by Jenny Medeiros on April 16, 2018

Becoming Fluent: Top Frontend Languages You Need to Know (with a Little VUI Thrown In)


Have you ever used a cool interface and thought, “How did they do that?” or, “I wish I could do that…”?

A lot of us have. It’s why at some point in our lives we headed straight over to a new tab and started researching how to get started in frontend development. Usually it starts with: learn HTML, CSS and JavaScript. Then moves onto: next learn this framework, then that preprocessor, then this library – but do it quickly because tomorrow there will be a whole batch of new ones.

Learning frontend can be overwhelming and sometimes even discouraging. But there’s always a starting point, and this is it. From websites to voice apps, there are common languages you can learn to handle them all. Here’s what you need to know to get your frontend mastery started:

 

HTML and CSS

Let’s start with the basics. No matter how far interfaces have come over the years, you still need friendly-neighborhood-markup-language HTML and its loyal sidekick CSS to create a basic front side.

The gist of it is that HTML provides the page structure (headers, paragraphs, images) and CSS adds the visuals (colors, fonts). Check out CodeAcademy or FreeCodeCamp when you’re ready to dive in.

The cool thing about HTML is it’s one of those “learn it once, use it forever” kind of languages. You can even use it to define chatbot scripts!

As for CSS, some bot interfaces aren’t exactly works of art, so it’s always handy to know how to tweak them yourself. Services like Bottr offer all the chatty functionality while allowing you to modify the UI.

 

JavaScript

This other core scripting language is what brings the fun, interactive aspect to websites and even voice activated interfaces. From sliders and animations to real-time maps and voice-driven web apps -- JavaScript (JS for short) is where the magic happens.

The best part is that there are plenty of libraries and frameworks under JavaScript’s umbrella that can ease your frontend struggling. Frameworks help you architect your code so that it’s modular (and reusable), while libraries save you from creating a lot of code from scratch. There’s a JS library for everyone, here are a few good ones:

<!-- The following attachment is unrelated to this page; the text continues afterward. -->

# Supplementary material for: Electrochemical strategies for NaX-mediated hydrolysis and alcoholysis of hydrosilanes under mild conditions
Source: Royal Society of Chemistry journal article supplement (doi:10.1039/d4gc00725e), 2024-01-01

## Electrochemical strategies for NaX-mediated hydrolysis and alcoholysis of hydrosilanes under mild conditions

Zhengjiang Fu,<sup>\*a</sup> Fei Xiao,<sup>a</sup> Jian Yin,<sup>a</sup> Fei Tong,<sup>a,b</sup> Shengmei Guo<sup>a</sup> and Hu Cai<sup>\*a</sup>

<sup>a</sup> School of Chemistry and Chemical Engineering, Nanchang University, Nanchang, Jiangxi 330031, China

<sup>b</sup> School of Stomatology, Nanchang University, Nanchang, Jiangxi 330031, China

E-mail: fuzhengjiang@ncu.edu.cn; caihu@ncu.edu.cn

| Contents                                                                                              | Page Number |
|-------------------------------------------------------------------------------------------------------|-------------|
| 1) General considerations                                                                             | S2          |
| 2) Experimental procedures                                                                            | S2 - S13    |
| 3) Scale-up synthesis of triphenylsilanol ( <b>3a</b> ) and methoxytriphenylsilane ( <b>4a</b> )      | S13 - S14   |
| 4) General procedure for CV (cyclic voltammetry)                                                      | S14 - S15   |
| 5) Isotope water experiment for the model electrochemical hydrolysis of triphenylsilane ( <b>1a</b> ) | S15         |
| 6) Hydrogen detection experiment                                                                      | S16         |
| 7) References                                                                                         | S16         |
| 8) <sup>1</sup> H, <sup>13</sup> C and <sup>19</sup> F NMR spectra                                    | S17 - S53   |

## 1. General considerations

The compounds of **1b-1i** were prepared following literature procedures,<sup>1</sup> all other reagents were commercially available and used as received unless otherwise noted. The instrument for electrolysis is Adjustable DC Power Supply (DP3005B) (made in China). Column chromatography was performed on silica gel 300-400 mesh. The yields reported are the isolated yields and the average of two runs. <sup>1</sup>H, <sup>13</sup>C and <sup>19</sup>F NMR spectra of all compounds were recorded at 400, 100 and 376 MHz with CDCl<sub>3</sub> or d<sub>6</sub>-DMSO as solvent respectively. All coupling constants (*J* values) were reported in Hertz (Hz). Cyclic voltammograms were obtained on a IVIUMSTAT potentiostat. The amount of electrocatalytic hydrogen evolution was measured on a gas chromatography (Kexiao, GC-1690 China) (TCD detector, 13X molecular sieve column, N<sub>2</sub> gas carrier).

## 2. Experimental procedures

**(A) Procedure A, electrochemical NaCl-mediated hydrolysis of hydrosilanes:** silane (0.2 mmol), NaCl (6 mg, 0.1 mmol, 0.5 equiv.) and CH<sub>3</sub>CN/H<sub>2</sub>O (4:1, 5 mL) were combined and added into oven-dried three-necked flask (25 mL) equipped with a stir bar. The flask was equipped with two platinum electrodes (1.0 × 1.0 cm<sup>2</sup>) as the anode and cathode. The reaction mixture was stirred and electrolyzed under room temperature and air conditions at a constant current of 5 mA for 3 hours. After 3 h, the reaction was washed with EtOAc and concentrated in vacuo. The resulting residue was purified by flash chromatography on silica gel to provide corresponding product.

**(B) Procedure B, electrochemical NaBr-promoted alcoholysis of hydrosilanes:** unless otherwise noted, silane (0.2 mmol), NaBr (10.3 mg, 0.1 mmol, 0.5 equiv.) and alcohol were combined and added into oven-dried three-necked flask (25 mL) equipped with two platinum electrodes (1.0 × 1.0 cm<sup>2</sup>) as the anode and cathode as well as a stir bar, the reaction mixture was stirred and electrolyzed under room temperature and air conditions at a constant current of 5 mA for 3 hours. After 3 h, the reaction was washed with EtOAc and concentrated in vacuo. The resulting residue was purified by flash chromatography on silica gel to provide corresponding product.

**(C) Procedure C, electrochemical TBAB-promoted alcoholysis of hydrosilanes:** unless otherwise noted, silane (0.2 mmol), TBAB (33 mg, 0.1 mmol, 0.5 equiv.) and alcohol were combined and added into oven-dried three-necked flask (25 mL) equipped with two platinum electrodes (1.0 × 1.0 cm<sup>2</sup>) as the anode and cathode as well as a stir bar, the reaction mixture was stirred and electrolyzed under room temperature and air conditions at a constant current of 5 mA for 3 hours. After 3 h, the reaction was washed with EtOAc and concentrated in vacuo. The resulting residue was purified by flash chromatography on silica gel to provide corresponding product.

Angular

This one is better for those looking to build websites. While HTML is great at building static webpages, they’re not so great at dynamic, interactive web apps. This is where Angular comes in. It’s a JS framework which extends HTML’s syntax to build fun things like single page websites (the ones where you scroll forever and things load as you go) and even animated menus.

 

JQuery

This is the JS library which every frontend dev will gush about. For web, JQuery makes your website compatible with every browser without additional lines of code. It also makes building user interfaces, web applications, and mobile sites much faster and easier -- even for non-coders.

For voice interface enthusiasts, you can find JQuery plugins when you’re ready to start developing chatbots. Although if you’re big into Natural Language Processing (NLP) then maybe take a look at what JS can do for machine learning.

 

Artyom.js

This is more of a bonus for anyone dreaming of creating the next Siri. Artyom.js is a JS library made to create virtual assistants. You’ll find that HTML plays a major role when using this library to add voice commands. If you’re leaning towards VUI then this is not a bad place to start getting familiar with it.

Once you’ve gotten a good grasp over these, you can start to dig deeper and move onto backend languages like Java, Python, and C# -- which are all ideal for anyone interested in developing Natural Language User Interfaces (NLUI).

 

Frontend development certainly takes time and a lot of mistakes, but everyone starts somewhere. So, get ready. Set. Code!

 

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Jenny Medeiros

Jenny is an engineer turned tech writer. She has hands-on experience in VR, AR, video game development, and UX-focused web design. Nowadays, she partners with tech companies to help explain emerging technologies simply. When she's not writing, she's likely daydreaming and forgetting her tea.